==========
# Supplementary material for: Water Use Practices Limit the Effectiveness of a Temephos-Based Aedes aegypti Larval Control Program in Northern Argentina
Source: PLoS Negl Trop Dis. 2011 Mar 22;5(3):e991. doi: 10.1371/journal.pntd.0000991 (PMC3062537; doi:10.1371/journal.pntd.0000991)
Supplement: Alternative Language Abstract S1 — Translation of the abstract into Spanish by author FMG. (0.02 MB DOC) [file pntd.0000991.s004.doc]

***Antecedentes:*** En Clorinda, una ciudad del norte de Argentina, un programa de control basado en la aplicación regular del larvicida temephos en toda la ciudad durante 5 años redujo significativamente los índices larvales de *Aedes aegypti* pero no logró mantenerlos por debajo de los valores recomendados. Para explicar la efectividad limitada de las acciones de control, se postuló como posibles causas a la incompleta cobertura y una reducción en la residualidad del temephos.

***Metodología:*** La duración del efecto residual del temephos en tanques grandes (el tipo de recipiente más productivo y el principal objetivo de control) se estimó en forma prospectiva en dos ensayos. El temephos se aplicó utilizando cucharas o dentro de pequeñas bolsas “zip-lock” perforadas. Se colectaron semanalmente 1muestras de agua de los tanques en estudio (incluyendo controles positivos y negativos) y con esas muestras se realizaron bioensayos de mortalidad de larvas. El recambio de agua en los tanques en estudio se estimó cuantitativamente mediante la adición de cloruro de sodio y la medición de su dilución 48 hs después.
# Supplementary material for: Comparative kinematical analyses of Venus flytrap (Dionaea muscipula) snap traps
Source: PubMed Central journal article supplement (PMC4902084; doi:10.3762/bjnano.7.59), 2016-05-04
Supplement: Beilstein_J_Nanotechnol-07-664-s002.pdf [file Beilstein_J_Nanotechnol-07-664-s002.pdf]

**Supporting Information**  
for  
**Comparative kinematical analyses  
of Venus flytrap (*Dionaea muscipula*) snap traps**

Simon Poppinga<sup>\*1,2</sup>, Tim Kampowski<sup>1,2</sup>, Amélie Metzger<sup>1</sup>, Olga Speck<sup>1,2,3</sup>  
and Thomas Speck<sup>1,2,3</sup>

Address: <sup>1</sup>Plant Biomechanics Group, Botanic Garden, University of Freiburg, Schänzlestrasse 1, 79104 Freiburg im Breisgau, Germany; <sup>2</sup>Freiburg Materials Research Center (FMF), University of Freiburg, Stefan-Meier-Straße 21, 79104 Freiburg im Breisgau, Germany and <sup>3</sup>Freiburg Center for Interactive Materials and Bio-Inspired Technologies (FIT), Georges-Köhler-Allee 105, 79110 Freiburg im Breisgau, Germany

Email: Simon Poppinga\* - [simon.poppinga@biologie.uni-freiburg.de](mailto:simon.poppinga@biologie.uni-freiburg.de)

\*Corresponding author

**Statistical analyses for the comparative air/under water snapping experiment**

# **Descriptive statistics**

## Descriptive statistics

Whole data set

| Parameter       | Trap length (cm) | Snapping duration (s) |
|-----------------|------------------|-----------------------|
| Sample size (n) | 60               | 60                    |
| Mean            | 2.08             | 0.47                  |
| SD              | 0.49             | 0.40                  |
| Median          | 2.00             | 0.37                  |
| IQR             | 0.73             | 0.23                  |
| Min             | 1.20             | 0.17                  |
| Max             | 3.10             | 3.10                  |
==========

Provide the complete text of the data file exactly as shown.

# Supplementary material for: Water Use Practices Limit the Effectiveness of a Temephos-Based Aedes aegypti Larval Control Program in Northern Argentina
Source: PLoS Negl Trop Dis. 2011 Mar 22;5(3):e991. doi: 10.1371/journal.pntd.0000991 (PMC3062537; doi:10.1371/journal.pntd.0000991)
Supplement: Alternative Language Abstract S1 — Translation of the abstract into Spanish by author FMG. (0.02 MB DOC) [file pntd.0000991.s004.doc]

***Antecedentes:*** En Clorinda, una ciudad del norte de Argentina, un programa de control basado en la aplicación regular del larvicida temephos en toda la ciudad durante 5 años redujo significativamente los índices larvales de *Aedes aegypti* pero no logró mantenerlos por debajo de los valores recomendados. Para explicar la efectividad limitada de las acciones de control, se postuló como posibles causas a la incompleta cobertura y una reducción en la residualidad del temephos.

***Metodología:*** La duración del efecto residual del temephos en tanques grandes (el tipo de recipiente más productivo y el principal objetivo de control) se estimó en forma prospectiva en dos ensayos. El temephos se aplicó utilizando cucharas o dentro de pequeñas bolsas “zip-lock” perforadas. Se colectaron semanalmente 1muestras de agua de los tanques en estudio (incluyendo controles positivos y negativos) y con esas muestras se realizaron bioensayos de mortalidad de larvas. El recambio de agua en los tanques en estudio se estimó cuantitativamente mediante la adición de cloruro de sodio y la medición de su dilución 48 hs después.
# Supplementary material for: Comparative kinematical analyses of Venus flytrap (Dionaea muscipula) snap traps
Source: PubMed Central journal article supplement (PMC4902084; doi:10.3762/bjnano.7.59), 2016-05-04
Supplement: Beilstein_J_Nanotechnol-07-664-s002.pdf [file Beilstein_J_Nanotechnol-07-664-s002.pdf]

**Supporting Information**  
for  
**Comparative kinematical analyses  
of Venus flytrap (*Dionaea muscipula*) snap traps**

Simon Poppinga<sup>\*1,2</sup>, Tim Kampowski<sup>1,2</sup>, Amélie Metzger<sup>1</sup>, Olga Speck<sup>1,2,3</sup>  
and Thomas Speck<sup>1,2,3</sup>

Address: <sup>1</sup>Plant Biomechanics Group, Botanic Garden, University of Freiburg, Schänzlestrasse 1, 79104 Freiburg im Breisgau, Germany; <sup>2</sup>Freiburg Materials Research Center (FMF), University of Freiburg, Stefan-Meier-Straße 21, 79104 Freiburg im Breisgau, Germany and <sup>3</sup>Freiburg Center for Interactive Materials and Bio-Inspired Technologies (FIT), Georges-Köhler-Allee 105, 79110 Freiburg im Breisgau, Germany

Email: Simon Poppinga\* - [simon.poppinga@biologie.uni-freiburg.de](mailto:simon.poppinga@biologie.uni-freiburg.de)

\*Corresponding author

**Statistical analyses for the comparative air/under water snapping experiment**

# **Descriptive statistics**

## Descriptive statistics

Whole data set

| Parameter       | Trap length (cm) | Snapping duration (s) |
|-----------------|------------------|-----------------------|
| Sample size (n) | 60               | 60                    |
| Mean            | 2.08             | 0.47                  |
| SD              | 0.49             | 0.40                  |
| Median          | 2.00             | 0.37                  |
| IQR             | 0.73             | 0.23                  |
| Min             | 1.20             | 0.17                  |
| Max             | 3.10             | 3.10                  |